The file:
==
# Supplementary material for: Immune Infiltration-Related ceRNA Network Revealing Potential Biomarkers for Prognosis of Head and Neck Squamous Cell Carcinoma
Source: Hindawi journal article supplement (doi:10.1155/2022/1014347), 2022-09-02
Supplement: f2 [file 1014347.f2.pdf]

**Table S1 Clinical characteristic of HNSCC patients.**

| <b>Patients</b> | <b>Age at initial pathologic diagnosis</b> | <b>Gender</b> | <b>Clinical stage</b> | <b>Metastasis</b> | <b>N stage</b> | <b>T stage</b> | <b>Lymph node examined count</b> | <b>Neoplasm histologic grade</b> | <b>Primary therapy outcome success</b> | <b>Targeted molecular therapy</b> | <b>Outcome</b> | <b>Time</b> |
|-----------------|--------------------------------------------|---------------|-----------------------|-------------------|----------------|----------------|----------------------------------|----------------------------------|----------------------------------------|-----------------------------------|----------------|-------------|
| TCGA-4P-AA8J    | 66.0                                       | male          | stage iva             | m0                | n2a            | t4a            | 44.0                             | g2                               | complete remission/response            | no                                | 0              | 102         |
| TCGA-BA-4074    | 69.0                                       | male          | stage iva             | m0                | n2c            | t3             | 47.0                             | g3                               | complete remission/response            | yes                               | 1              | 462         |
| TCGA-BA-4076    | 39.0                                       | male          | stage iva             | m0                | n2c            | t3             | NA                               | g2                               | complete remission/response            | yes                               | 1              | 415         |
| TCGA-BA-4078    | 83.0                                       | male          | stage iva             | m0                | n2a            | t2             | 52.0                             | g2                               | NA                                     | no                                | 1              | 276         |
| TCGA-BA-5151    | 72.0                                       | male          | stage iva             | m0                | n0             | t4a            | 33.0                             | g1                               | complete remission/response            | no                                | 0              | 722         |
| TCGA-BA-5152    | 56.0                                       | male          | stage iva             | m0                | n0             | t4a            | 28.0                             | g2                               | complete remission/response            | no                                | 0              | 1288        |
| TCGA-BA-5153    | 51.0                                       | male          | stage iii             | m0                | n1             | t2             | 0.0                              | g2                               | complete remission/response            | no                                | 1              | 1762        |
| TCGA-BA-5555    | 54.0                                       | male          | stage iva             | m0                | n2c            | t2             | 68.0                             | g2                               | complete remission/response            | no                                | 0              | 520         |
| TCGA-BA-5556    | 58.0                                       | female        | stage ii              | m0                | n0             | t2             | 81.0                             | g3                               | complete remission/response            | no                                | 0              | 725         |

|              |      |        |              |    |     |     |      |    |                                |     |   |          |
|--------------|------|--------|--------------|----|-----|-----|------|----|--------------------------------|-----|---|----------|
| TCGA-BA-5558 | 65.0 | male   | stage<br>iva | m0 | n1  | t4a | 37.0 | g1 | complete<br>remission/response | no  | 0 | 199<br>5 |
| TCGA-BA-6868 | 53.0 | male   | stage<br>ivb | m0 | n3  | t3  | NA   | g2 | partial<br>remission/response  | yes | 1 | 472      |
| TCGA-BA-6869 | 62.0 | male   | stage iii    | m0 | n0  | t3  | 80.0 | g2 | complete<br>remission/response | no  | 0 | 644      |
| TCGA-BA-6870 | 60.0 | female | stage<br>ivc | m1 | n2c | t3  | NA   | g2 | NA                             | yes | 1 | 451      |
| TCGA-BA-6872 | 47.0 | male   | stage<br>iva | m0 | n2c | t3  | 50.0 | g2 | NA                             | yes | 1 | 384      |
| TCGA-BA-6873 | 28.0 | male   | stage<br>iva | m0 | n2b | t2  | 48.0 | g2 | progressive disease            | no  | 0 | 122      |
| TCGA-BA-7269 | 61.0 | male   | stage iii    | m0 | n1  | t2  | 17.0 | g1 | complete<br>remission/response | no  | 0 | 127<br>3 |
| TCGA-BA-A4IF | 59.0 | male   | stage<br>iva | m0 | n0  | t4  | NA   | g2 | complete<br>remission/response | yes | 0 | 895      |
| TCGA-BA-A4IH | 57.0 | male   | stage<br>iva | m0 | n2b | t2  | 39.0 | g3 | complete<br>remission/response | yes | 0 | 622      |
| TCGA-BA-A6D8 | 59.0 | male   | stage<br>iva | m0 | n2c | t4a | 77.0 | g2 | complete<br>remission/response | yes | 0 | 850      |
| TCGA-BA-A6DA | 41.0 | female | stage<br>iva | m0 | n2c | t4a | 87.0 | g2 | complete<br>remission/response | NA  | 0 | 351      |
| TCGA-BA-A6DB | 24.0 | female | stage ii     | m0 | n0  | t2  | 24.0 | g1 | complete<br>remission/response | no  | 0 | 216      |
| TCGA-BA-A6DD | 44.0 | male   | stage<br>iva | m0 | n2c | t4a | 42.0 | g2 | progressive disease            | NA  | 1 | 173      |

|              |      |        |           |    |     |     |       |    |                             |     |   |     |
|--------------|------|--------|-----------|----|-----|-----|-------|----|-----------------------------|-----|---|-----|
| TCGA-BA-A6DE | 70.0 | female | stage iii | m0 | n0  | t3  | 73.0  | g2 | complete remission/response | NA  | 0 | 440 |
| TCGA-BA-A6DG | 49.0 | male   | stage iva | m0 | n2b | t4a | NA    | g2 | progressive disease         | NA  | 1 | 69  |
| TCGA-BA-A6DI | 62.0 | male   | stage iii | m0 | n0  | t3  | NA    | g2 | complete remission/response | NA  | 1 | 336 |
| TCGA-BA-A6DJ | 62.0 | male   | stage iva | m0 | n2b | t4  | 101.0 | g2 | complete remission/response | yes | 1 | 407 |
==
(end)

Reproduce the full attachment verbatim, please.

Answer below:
# Supplementary material for: Immune Infiltration-Related ceRNA Network Revealing Potential Biomarkers for Prognosis of Head and Neck Squamous Cell Carcinoma
Source: Hindawi journal article supplement (doi:10.1155/2022/1014347), 2022-09-02
Supplement: f2 [file 1014347.f2.pdf]

**Table S1 Clinical characteristic of HNSCC patients.**

| <b>Patients</b> | <b>Age at initial pathologic diagnosis</b> | <b>Gender</b> | <b>Clinical stage</b> | <b>Metastasis</b> | <b>N stage</b> | <b>T stage</b> | <b>Lymph node examined count</b> | <b>Neoplasm histologic grade</b> | <b>Primary therapy outcome success</b> | <b>Targeted molecular therapy</b> | <b>Outcome</b> | <b>Time</b> |
|-----------------|--------------------------------------------|---------------|-----------------------|-------------------|----------------|----------------|----------------------------------|----------------------------------|----------------------------------------|-----------------------------------|----------------|-------------|
| TCGA-4P-AA8J    | 66.0                                       | male          | stage iva             | m0                | n2a            | t4a            | 44.0                             | g2                               | complete remission/response            | no                                | 0              | 102         |
| TCGA-BA-4074    | 69.0                                       | male          | stage iva             | m0                | n2c            | t3             | 47.0                             | g3                               | complete remission/response            | yes                               | 1              | 462         |
| TCGA-BA-4076    | 39.0                                       | male          | stage iva             | m0                | n2c            | t3             | NA                               | g2                               | complete remission/response            | yes                               | 1              | 415         |
| TCGA-BA-4078    | 83.0                                       | male          | stage iva             | m0                | n2a            | t2             | 52.0                             | g2                               | NA                                     | no                                | 1              | 276         |
| TCGA-BA-5151    | 72.0                                       | male          | stage iva             | m0                | n0             | t4a            | 33.0                             | g1                               | complete remission/response            | no                                | 0              | 722         |
| TCGA-BA-5152    | 56.0                                       | male          | stage iva             | m0                | n0             | t4a            | 28.0                             | g2                               | complete remission/response            | no                                | 0              | 1288        |
| TCGA-BA-5153    | 51.0                                       | male          | stage iii             | m0                | n1             | t2             | 0.0                              | g2                               | complete remission/response            | no                                | 1              | 1762        |
| TCGA-BA-5555    | 54.0                                       | male          | stage iva             | m0                | n2c            | t2             | 68.0                             | g2                               | complete remission/response            | no                                | 0              | 520         |
| TCGA-BA-5556    | 58.0                                       | female        | stage ii              | m0                | n0             | t2             | 81.0                             | g3                               | complete remission/response            | no                                | 0              | 725         |

|              |      |        |              |    |     |     |      |    |                                |     |   |          |
|--------------|------|--------|--------------|----|-----|-----|------|----|--------------------------------|-----|---|----------|
| TCGA-BA-5558 | 65.0 | male   | stage<br>iva | m0 | n1  | t4a | 37.0 | g1 | complete<br>remission/response | no  | 0 | 199<br>5 |
| TCGA-BA-6868 | 53.0 | male   | stage<br>ivb | m0 | n3  | t3  | NA   | g2 | partial<br>remission/response  | yes | 1 | 472      |
| TCGA-BA-6869 | 62.0 | male   | stage iii    | m0 | n0  | t3  | 80.0 | g2 | complete<br>remission/response | no  | 0 | 644      |
| TCGA-BA-6870 | 60.0 | female | stage<br>ivc | m1 | n2c | t3  | NA   | g2 | NA                             | yes | 1 | 451      |
| TCGA-BA-6872 | 47.0 | male   | stage<br>iva | m0 | n2c | t3  | 50.0 | g2 | NA                             | yes | 1 | 384      |
| TCGA-BA-6873 | 28.0 | male   | stage<br>iva | m0 | n2b | t2  | 48.0 | g2 | progressive disease            | no  | 0 | 122      |
| TCGA-BA-7269 | 61.0 | male   | stage iii    | m0 | n1  | t2  | 17.0 | g1 | complete<br>remission/response | no  | 0 | 127<br>3 |
| TCGA-BA-A4IF | 59.0 | male   | stage<br>iva | m0 | n0  | t4  | NA   | g2 | complete<br>remission/response | yes | 0 | 895      |
| TCGA-BA-A4IH | 57.0 | male   | stage<br>iva | m0 | n2b | t2  | 39.0 | g3 | complete<br>remission/response | yes | 0 | 622      |
| TCGA-BA-A6D8 | 59.0 | male   | stage<br>iva | m0 | n2c | t4a | 77.0 | g2 | complete<br>remission/response | yes | 0 | 850      |
| TCGA-BA-A6DA | 41.0 | female | stage<br>iva | m0 | n2c | t4a | 87.0 | g2 | complete<br>remission/response | NA  | 0 | 351      |
| TCGA-BA-A6DB | 24.0 | female | stage ii     | m0 | n0  | t2  | 24.0 | g1 | complete<br>remission/response | no  | 0 | 216      |
| TCGA-BA-A6DD | 44.0 | male   | stage<br>iva | m0 | n2c | t4a | 42.0 | g2 | progressive disease            | NA  | 1 | 173      |

|              |      |        |           |    |     |     |       |    |                             |     |   |     |
|--------------|------|--------|-----------|----|-----|-----|-------|----|-----------------------------|-----|---|-----|
| TCGA-BA-A6DE | 70.0 | female | stage iii | m0 | n0  | t3  | 73.0  | g2 | complete remission/response | NA  | 0 | 440 |
| TCGA-BA-A6DG | 49.0 | male   | stage iva | m0 | n2b | t4a | NA    | g2 | progressive disease         | NA  | 1 | 69  |
| TCGA-BA-A6DI | 62.0 | male   | stage iii | m0 | n0  | t3  | NA    | g2 | complete remission/response | NA  | 1 | 336 |
| TCGA-BA-A6DJ | 62.0 | male   | stage iva | m0 | n2b | t4  | 101.0 | g2 | complete remission/response | yes | 1 | 407 |